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Turkey and NATO: 45 years ago, 45 years later
NATO was established in 1949. Turkey and Greece became members in 1952. And if there was no NATO at the time, Turks would have had to invent it. Russia was breathing down Turkey’s neck, and it needed Western allies to keep it in check. And Turkey paid for that protection in its blood. A 5,000-strong Turkish brigade shipped off to the Korean War in 1950. 741 of them died. Yet these days people keep asking me “Why are Turkey and NATO growing apart?” Are they really? I don’t think so. Let me elaborate.
Whenever I face this question, I have an image in my mind. It is the image of the Hamid Karzai International Airport in Kabul, Afghanistan. From the air, Kabul looks almost like one of those empty ancient cities where all the inhabitants packed and left centuries ago. At dusk, as your plane descends, the airport is a small, dark place. It’s a holdout where you check out from modernity.
Hamid Karzai Airport is used both for private and military purposes, and it is protected by Turkish soldiers who are part of the International Security Assistance Force (ISAF), the NATO-led, UN-mandated mission to Afghanistan. Turkish Armed Forces are also on active duty in Somalia and Kosovo, both under NATO command. The ominous question “why are Turkey and NATO growing apart?” does not come anybody’s mind, if you are in any of those places. It’s clear where Turkey stands. When it comes to Syria however, it is different. Why?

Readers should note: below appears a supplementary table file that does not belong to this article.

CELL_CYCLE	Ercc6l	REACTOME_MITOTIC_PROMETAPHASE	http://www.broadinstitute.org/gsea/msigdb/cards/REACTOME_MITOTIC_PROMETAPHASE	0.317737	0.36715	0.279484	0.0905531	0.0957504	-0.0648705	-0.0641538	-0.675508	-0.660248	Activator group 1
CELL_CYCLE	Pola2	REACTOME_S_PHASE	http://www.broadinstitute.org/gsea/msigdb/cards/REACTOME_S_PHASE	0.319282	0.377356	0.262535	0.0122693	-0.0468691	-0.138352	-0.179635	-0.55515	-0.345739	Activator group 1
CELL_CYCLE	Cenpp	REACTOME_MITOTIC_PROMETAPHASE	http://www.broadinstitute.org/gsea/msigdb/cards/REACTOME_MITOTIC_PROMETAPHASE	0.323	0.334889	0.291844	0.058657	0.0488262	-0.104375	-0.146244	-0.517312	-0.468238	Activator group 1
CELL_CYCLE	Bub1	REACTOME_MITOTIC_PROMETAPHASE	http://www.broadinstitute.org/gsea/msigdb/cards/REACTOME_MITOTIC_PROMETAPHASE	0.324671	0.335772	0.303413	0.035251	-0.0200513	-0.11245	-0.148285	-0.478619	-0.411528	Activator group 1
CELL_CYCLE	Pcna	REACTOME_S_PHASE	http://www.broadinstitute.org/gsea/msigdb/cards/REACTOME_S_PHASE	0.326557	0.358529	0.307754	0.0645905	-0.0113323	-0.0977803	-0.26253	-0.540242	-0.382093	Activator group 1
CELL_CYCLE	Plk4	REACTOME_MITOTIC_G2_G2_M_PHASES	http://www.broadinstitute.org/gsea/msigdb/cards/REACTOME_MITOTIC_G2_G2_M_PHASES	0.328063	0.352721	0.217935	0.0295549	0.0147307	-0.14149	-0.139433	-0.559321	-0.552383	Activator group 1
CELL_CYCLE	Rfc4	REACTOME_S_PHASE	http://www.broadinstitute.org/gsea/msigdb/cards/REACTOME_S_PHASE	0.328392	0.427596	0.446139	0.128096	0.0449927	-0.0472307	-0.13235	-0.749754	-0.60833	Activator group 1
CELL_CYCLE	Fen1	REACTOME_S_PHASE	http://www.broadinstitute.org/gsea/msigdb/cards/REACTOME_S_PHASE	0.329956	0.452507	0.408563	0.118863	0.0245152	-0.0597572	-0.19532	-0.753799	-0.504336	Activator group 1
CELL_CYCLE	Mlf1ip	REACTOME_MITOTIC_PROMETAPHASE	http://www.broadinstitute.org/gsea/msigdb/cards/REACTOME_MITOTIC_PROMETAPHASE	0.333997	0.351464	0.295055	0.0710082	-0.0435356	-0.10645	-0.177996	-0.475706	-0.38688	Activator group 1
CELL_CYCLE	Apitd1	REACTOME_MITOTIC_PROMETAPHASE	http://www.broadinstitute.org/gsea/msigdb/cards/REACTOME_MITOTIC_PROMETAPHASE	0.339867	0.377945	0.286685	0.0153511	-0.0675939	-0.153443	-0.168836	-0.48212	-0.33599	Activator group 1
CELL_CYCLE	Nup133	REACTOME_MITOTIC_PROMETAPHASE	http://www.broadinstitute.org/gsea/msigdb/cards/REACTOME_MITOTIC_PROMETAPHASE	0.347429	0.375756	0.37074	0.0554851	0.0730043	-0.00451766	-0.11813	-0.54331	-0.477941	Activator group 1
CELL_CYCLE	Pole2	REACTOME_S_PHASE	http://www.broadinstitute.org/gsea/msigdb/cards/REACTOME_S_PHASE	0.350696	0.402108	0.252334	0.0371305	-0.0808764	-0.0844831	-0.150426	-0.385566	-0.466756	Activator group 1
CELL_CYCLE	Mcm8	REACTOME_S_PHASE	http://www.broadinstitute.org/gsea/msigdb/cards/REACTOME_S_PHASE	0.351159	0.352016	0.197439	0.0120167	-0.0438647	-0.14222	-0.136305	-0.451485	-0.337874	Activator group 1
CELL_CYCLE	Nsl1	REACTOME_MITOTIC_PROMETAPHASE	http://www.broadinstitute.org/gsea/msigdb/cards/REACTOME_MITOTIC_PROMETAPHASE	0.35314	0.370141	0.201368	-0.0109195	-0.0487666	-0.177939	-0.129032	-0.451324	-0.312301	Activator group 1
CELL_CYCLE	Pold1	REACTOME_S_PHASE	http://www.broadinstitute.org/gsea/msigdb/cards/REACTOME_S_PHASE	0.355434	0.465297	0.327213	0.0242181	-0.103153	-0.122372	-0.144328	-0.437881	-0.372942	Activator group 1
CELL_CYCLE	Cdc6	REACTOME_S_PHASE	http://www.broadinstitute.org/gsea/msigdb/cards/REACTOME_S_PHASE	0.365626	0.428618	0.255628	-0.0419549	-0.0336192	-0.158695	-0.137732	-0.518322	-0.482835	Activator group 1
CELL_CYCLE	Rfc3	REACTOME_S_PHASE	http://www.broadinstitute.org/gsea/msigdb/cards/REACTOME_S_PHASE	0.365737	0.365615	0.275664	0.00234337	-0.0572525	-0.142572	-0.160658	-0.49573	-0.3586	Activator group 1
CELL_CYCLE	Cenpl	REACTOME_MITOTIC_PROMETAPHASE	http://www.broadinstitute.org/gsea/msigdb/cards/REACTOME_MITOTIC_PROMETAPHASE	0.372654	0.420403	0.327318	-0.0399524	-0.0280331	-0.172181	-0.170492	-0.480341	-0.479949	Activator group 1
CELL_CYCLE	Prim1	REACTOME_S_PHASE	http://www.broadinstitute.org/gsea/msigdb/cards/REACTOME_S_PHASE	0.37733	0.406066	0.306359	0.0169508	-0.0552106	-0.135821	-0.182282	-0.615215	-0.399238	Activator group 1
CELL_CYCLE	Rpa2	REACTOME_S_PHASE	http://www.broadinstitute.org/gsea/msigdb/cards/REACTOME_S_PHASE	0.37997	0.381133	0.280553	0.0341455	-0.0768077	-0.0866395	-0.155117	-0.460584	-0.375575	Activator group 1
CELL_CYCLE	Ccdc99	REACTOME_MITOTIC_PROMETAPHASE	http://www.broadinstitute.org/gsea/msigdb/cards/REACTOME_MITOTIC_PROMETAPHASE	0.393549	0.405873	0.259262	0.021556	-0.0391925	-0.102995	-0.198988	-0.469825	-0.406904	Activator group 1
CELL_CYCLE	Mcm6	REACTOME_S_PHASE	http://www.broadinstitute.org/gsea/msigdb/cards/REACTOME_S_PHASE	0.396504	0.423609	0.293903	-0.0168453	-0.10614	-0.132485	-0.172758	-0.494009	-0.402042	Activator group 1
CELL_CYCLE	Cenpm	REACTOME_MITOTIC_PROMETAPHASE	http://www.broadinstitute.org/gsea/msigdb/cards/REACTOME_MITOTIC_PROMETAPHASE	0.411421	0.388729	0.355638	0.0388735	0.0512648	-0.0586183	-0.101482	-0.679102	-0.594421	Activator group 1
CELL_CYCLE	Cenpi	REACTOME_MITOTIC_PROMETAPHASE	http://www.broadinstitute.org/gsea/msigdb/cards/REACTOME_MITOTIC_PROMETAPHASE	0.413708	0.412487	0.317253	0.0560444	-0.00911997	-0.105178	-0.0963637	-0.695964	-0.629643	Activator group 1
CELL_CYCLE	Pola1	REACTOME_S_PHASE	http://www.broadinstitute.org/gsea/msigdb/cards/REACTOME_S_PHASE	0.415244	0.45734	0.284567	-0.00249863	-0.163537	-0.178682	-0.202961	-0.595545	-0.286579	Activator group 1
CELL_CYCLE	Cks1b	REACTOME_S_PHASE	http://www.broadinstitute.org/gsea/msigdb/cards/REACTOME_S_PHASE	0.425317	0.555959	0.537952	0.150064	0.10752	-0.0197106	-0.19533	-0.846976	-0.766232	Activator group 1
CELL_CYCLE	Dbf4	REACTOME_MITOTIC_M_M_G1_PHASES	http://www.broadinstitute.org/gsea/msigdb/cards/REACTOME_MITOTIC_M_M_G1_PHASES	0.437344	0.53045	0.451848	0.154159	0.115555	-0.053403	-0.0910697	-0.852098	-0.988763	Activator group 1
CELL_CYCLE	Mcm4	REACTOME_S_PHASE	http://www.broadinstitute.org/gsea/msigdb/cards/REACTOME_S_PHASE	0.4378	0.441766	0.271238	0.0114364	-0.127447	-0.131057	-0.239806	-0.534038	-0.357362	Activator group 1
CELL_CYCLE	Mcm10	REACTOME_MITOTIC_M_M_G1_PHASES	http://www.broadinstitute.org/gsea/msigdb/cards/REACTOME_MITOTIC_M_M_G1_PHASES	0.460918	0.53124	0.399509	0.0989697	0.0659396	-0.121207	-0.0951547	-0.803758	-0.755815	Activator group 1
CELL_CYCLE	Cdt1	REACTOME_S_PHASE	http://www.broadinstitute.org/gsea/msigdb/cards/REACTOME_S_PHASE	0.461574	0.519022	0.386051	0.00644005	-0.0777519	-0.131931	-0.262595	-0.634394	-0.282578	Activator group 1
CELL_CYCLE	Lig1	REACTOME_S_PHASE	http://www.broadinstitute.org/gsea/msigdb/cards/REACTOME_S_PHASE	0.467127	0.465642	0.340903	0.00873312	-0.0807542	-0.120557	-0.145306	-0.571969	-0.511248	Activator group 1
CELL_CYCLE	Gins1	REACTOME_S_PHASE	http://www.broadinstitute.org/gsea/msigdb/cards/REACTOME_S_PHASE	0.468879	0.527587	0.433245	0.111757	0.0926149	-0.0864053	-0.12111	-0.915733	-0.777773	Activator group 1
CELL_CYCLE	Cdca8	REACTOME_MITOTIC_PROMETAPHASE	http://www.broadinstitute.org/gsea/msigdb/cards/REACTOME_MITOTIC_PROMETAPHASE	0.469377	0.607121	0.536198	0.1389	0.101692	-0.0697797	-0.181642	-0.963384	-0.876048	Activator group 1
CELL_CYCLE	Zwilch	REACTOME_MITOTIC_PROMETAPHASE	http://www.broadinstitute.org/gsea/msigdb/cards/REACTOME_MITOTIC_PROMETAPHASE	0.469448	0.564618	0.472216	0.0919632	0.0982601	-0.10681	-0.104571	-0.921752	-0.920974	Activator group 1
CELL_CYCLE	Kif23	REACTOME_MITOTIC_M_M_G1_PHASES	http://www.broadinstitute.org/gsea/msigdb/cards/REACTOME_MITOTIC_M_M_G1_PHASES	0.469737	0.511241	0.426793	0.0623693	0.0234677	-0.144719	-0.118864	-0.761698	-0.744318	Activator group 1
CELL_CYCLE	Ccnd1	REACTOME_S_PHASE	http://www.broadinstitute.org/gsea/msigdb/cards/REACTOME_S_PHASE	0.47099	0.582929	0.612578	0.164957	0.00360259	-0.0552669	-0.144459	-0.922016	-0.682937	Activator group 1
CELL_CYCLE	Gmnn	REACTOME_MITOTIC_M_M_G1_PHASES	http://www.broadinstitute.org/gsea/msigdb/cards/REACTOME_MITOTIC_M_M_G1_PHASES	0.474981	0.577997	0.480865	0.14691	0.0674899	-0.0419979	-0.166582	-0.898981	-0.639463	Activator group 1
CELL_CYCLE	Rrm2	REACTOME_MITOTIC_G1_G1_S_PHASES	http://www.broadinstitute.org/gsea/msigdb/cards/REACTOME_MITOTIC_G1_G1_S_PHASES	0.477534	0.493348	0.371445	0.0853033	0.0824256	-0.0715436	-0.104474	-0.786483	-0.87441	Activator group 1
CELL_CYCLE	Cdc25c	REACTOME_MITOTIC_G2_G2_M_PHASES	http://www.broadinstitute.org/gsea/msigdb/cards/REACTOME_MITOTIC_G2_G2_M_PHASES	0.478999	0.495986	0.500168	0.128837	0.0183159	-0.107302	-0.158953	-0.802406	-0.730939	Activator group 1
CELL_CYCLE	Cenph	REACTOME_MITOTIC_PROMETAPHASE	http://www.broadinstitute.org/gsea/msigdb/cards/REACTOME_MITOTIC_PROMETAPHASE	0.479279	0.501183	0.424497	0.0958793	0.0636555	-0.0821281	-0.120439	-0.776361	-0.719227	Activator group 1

Geography is destiny. We have a 900-km border with Syria, while Afghanistan is a faraway country. Since the start of the civil war in Syria, around 3.5 million Syrians moved to Turkey. Both ethnic and religious fault lines have become more active inside Turkey as a result of Syrian developments. Our peace process broke down, and groups based in Syria staged attacks on civilians in our major cities, including in Ataturk airport. This is a priority far more elemental than an international commitment could ever be.
What President Erdoğan felt was not unlike the frustration felt by various Turkish prime ministers since the intercommunal violence started in Cyprus in December 1963. In June 1964, the New York Times reports it as “Violence between the two communities broke out in December over the Greek Cypriotes’ efforts to alter the Constitution to strengthen their governmental authority.” Turkey as a country with a 500 dollar per capita GDP had no planes outside NATO use, and no landing ships to intervene Cyprus. Turkey still made noises about intervention however, which led President Lyndon Johnson write a letter reminding Prime Minister İnönü of “the commitment of your government to consult fully in advance with the United States." He also went on about Turkey’s duty to NATO and the United Nations, but he needn’t have. It was deeply humiliating to Turks.
The incident was the spark Turkey’s defense industry needed. It took a decade to build the military capacity, but when ready in 1974, Turkey acted despite American warnings. Both Greece and Turkey were members of NATO at the time. In 1975, the United States put an arms embargo on its NATO ally, but Turkey had already changed the game. Things smoothened out over time, so much so that by the time Turkey and the US stood on different sides of a conflict in Syria, people thought it was a first.
That’s how I see Operation Olive Branch today. Turkey needs to respond to existential threats. Whether these threats are indeed existential or not is a different discussion. What’s important is that Ankara feels that they are, and it acts to preserve its interests. And it’s a frustrating experience for Ankara. Frustration in not being able to do something effective for a very long time. In both cases, it is the apathy of our Allies that led to the buildup of this frustration. Turkey is part of this alliance, and every once in a while, feels like it needs to put its foot down. This does not necessarily mean that it is bound to leave.